I think my father always used to say that the best people to guide a sport forward and to make good sport decisions are the ones playing the sport, who know the ins and outs, who know how to think in a split second under pressure, who understand the ups and downs, the mood, the form, the necessities of a professional environment. In the end, somebody who has already been there is probably the best one to teach other people how handle the pressure when they are there.
Did you turn to your father for help in solving management issues in your day-to-day?
From my father I learned that when an intelligent person makes a discipline mistake you have to be very tough because it is intelligent for them to understand the consequences of their action, and with other ones who are less intelligent, younger or a little more naive, you have to be much more understanding, help them and make them understand what they did wrong, not just through punishment, but by understanding. My father always also told me that when I had doubts about a certain situation, to follow my intuition and do what I thought was humanly correct and also, of course, professionally correct. I always follow that and the truth is that when you are 100% sure that you did the right thing, even if it turns out to be a mistake, it’s never really a mistake.
Of all the values that your father applied in his management (intuition, pragmatism, optimism, curiosity, thinking out of the box), and in your own experience as a sports director, which do you think is essential in the day-to-day leadership of a sports organization?
I think people management skills, understanding. Everybody sort of knows what to do. The young athletes already have the inner passion; they have the discipline for the work. Sometimes an understanding of how to handle certain situations is where someone with more experience can help them. Of course, everybody is different and everybody has a different approach, different cultures have different approaches. So, I think people management skills is the most important; knowing how to speak to a certain person to solve a problem is the key for the progress of both the club and the individual athlete to make him/her better. Those are the key ingredients of a successful organization. An organization has to be good, but it’s how you can inspire, how you can teach these young athletes to progress in their careers is actually the key point.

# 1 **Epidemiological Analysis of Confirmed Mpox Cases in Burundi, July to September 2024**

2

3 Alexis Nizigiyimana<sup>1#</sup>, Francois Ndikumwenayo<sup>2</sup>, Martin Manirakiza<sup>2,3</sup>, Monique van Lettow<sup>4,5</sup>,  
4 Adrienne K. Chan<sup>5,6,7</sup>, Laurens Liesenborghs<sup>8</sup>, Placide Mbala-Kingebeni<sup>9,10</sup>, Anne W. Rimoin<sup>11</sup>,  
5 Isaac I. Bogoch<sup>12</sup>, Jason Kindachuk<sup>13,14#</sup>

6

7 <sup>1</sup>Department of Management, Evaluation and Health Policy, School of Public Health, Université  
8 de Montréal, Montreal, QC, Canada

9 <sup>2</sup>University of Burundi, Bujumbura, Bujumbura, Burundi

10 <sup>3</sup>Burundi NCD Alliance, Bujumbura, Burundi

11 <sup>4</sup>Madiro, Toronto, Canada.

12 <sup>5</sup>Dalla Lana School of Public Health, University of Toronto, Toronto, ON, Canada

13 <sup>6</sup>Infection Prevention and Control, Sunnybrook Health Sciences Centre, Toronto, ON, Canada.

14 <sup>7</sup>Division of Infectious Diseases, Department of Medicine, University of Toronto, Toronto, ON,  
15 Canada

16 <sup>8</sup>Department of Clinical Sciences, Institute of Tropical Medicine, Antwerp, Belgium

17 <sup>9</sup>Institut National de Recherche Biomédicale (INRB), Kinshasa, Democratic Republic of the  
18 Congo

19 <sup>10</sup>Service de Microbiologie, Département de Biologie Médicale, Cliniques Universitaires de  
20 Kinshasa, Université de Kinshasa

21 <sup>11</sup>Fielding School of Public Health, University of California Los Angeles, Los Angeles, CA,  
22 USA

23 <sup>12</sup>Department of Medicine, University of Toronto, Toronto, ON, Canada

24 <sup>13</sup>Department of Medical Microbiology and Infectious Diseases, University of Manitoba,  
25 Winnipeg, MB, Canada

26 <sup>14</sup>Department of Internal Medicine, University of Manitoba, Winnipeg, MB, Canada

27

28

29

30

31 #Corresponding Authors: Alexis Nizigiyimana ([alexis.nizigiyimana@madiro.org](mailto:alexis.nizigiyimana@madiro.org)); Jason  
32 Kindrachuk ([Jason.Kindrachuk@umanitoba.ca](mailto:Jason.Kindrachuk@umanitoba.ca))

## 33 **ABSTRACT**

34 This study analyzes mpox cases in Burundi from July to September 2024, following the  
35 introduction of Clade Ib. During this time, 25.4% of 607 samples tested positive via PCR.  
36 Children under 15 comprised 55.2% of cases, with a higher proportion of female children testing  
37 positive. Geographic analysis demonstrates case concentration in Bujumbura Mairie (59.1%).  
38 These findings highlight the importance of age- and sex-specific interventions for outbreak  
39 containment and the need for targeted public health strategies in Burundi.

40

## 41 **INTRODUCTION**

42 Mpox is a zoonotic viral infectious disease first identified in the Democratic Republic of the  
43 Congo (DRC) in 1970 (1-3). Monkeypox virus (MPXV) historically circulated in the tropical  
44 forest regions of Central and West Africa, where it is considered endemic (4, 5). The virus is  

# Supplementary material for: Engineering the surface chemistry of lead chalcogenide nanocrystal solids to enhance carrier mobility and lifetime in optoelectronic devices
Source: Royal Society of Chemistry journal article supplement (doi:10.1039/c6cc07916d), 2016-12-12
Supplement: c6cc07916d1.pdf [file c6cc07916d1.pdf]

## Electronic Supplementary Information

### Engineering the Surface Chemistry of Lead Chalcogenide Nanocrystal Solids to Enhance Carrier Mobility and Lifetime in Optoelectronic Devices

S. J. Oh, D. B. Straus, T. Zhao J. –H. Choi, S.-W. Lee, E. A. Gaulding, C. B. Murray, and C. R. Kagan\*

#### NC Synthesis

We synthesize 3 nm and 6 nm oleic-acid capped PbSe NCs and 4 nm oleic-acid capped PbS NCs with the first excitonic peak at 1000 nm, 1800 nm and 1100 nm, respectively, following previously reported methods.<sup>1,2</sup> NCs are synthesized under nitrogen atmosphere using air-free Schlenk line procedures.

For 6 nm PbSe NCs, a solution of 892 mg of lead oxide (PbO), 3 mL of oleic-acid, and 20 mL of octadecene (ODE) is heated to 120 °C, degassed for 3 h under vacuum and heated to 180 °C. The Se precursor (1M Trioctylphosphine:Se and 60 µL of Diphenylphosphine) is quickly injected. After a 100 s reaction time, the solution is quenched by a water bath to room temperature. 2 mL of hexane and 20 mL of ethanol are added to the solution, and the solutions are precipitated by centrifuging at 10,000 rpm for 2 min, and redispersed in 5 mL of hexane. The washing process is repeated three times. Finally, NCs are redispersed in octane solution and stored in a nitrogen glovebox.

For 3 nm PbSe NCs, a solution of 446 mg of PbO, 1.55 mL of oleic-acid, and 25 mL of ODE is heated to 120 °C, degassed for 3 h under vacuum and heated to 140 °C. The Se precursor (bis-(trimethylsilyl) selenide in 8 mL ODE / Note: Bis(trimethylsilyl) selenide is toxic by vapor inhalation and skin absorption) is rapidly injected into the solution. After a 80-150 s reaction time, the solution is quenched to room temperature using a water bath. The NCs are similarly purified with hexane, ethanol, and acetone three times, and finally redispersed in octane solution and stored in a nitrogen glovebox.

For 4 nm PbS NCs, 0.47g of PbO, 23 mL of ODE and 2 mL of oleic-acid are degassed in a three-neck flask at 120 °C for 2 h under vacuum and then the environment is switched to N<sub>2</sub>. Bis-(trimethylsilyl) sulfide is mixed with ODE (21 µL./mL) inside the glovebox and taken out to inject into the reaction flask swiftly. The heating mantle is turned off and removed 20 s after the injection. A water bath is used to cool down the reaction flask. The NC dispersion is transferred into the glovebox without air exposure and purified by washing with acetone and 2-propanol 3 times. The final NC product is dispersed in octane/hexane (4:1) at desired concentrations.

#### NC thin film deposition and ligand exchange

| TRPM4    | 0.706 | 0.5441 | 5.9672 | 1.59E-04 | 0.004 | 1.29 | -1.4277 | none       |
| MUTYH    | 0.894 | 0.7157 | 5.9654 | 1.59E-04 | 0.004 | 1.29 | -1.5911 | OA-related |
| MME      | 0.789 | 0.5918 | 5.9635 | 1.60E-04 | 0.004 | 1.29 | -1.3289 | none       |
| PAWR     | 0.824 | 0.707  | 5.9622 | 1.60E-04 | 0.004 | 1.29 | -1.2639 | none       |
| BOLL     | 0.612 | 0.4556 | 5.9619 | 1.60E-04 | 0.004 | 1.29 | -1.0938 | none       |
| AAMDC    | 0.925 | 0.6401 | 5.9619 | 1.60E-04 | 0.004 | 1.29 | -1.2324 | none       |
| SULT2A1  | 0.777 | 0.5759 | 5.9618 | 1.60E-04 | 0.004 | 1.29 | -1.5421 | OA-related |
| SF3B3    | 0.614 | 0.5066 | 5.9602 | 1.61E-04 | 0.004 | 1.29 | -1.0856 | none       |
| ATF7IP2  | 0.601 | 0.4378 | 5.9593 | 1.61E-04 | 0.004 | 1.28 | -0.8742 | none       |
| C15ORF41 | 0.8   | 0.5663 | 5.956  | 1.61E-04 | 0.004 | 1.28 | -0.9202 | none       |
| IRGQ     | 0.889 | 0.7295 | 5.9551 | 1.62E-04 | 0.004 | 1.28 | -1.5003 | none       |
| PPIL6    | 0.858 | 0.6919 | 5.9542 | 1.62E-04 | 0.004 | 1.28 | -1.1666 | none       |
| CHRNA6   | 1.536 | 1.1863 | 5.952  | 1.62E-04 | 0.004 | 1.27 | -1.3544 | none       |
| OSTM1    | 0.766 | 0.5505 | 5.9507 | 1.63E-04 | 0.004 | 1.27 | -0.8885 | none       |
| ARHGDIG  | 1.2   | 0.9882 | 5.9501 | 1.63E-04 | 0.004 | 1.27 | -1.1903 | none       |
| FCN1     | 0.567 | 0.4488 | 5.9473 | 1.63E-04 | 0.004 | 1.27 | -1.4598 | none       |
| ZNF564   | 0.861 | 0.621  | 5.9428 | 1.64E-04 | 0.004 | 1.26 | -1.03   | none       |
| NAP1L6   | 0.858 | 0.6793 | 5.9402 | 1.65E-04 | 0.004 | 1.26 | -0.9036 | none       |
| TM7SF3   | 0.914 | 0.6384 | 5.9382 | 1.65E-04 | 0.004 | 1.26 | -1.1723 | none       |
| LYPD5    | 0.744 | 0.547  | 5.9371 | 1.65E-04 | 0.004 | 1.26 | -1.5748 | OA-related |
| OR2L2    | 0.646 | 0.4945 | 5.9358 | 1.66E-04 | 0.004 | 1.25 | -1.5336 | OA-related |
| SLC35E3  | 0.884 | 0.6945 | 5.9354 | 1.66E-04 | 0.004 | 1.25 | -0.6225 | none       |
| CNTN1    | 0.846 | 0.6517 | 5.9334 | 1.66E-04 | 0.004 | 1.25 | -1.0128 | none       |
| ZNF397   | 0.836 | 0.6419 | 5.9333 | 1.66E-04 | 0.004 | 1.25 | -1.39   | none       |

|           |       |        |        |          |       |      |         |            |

Besides your father, who have your main references been in this regard?
Without going into names, I always love to analyze how people are in other sports, if they’re also people with big egos and personalities, how problems are solved. So, mainly you would think for example in the NBA, a very special sport, very demanding, with a lot of travelling, a lot of financial impact… How do you solve certain things when there are two very big players in the team who compete to be number one and egos get involved? How is the coach or the manager or the club going to solve these issues? I loved analyzing and studying those cases.
Would you agree that the creation of a Master in Football Business with Barça is the culmination of the great legacy left by your father?
It’s a lot of hard work by many people, normally not the visible ones. My father was visible because of how he was, his aura, his energy, but there are a lot of people who work behind the scenes to make this possible. We are very happy with it. We hope this is a way to…together with Barcelona…to show the world that there are good studies and it’s necessary. You always have to be prepared in life for any eventuality that might happen in your career. This way to be prepared is by learning, studying and knowing how to handle situations.